Researchers Investigate ‘Baby’ Tyrannosaur Fossil

For now, there are just a few things researchers and students at the University of Kansas want people to dig about the new dinosaur they recently excavated in Montana’s Hell Creek Formation.

First off, it’s a “fabulous” complete section of the upper jaw with all of its teeth intact, along with bits of the specimen’s skull, foot, hips and backbones. It’s likely to be the rare fossilized remains of a young Tyrannosaurus rex, which lived 66.5 million years ago.

But it also could be another species of smaller meat-eating dinosaur (it’s a bit of a scientific controversy) — they’re still analyzing their discovery. Careful microscopic preparation of its fragile bones is beginning to reveal important information that will help unravel the life history of Tyrannosaurus rex.

Back at the lab, the researchers found the fossil glowed under a black light. Credit: Meg Kumin, KU Marketing Communications.

Back at the lab, the researchers found the fossil glowed under a black light. (Image: Meg Kumin, KU Marketing Communications.)

Other young tyrannosaur specimens have been recovered over the years, but since animal skeletons change shape as they grow, some confusion as to their evolutionary relationships has ensued. Some paleontologists think the young ones may represent different species, while other workers have suggested they all represent different growth stages of one species — Tyrannosaurus rex.

Excavating the first bone. Credit: David Burnham.

Excavating the first bone. (Image: David Burnham.)

KU’s new specimen has the information that may provide the deciding factor of which theory is correct. Researchers believe the specimen is a young Tyrannosaurus rex, but are still conducting their analysis to be sure. They expect to publish their findings in the coming months.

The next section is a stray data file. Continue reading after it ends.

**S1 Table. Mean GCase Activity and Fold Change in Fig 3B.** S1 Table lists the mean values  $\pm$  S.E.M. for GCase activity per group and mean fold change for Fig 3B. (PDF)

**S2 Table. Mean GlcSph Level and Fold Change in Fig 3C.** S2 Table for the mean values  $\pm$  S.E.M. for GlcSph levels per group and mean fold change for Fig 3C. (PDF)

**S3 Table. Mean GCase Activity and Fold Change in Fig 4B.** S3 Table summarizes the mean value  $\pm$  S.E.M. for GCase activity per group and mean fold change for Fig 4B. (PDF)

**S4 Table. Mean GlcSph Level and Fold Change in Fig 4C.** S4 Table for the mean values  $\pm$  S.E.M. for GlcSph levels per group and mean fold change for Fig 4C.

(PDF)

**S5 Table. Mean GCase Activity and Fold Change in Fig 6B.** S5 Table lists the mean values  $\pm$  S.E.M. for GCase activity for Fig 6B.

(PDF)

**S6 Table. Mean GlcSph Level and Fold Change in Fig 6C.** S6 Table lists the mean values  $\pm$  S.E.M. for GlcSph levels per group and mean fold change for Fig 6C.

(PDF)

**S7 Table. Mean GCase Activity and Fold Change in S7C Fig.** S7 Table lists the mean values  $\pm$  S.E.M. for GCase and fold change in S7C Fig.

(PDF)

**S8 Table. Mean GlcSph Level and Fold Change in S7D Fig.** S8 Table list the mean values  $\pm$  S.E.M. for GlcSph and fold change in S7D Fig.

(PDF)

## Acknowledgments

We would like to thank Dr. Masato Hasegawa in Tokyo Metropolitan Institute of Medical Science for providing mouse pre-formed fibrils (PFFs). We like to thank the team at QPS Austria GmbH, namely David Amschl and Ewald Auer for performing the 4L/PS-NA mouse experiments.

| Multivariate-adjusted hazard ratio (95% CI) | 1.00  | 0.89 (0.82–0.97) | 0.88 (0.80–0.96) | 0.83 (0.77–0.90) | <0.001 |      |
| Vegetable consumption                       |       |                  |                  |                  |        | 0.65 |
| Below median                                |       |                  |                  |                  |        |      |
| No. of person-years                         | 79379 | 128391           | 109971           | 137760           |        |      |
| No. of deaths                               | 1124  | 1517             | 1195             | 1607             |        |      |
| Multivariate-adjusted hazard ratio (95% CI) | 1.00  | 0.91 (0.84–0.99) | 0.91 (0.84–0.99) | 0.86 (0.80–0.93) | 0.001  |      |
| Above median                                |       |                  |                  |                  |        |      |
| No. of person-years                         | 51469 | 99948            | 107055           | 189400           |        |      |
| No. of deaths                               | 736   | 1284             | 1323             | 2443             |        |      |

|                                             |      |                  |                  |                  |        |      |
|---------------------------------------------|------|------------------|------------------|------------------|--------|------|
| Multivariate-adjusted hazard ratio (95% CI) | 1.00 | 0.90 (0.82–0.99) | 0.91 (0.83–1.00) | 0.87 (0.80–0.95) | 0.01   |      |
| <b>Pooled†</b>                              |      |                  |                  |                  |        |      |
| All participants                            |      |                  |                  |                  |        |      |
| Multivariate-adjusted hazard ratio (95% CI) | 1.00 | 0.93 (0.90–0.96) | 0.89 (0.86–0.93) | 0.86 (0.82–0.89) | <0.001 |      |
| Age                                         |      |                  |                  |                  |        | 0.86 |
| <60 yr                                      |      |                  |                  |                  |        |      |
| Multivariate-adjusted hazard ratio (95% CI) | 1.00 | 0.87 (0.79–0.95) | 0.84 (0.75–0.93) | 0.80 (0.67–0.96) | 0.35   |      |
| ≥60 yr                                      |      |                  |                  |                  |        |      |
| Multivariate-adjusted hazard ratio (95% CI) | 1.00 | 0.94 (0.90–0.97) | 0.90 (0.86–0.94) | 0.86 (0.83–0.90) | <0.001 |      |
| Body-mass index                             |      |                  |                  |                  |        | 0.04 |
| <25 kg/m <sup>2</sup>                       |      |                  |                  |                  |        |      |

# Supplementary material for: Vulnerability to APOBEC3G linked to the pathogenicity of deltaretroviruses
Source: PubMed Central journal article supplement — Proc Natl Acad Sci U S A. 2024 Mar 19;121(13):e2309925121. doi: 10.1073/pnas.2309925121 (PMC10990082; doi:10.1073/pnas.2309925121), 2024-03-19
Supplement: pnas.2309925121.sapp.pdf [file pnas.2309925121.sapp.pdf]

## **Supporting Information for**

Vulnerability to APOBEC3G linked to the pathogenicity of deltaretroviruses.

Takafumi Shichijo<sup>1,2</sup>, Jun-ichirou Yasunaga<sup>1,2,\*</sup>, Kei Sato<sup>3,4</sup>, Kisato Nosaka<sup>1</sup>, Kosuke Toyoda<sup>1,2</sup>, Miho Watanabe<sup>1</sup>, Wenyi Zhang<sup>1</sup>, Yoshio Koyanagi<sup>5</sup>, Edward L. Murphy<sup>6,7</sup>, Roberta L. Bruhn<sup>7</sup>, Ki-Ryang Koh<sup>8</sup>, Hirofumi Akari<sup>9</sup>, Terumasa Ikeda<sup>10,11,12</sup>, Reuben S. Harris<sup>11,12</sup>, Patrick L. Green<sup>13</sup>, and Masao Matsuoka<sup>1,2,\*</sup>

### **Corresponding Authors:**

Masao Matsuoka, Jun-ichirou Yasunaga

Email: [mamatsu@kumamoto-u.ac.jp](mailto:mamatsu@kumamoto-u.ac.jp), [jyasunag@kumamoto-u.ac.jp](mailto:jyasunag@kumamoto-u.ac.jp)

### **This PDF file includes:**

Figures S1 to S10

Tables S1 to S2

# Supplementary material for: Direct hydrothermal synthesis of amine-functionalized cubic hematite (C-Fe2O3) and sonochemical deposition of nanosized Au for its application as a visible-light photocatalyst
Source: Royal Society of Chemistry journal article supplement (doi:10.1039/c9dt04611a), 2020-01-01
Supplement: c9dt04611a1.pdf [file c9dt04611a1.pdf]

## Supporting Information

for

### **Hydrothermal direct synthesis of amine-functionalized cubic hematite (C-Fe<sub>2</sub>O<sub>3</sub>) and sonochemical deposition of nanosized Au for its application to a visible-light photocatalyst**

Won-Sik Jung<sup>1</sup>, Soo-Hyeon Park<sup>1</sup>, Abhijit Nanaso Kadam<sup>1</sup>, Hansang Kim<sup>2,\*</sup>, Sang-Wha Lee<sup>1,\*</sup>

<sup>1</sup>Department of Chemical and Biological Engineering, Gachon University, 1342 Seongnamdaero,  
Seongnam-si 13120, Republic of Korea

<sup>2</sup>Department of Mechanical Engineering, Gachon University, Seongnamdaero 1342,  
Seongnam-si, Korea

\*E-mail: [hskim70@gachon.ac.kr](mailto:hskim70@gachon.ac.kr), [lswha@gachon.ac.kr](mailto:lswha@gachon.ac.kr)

One possibility is the specimen represents another carnivorous dinosaur dubbed a Nanotyrannus, which likewise was discovered in the Hell Creek Formation and described by other scientists.

The KU excavation crew at work. Credit: David Burnham.

The KU excavation crew at work. (Image: David Burnham.)

The Nanotyrannus is a subject of controversy because it may represent a separate species, or it may be a juvenile Tyrannosaurus rex.

For now, Burnham and his team are analyzing the bones they have back in the lab and planning a return to Hell Creek to conduct fieldwork and search for more of the fossil.

Kyle Atkins-Weltman, KU graduate assistant, digs at the Hell Creek Formation site. Credit: David Burnham.

Kyle Atkins-Weltman, KU graduate assistant, digs at the Hell Creek Formation site. (Image: David Burnham.)

In the meantime, Burnham and his fellow researchers (including Kyle Atkins-Weltman, graduate student and assistant fossil preparator) are working on a paper that will address the question of their fossil’s place in the family tree of theropod dinosaurs.
Provided by: University of Kansas  [Note: Materials may be edited for content and length.]

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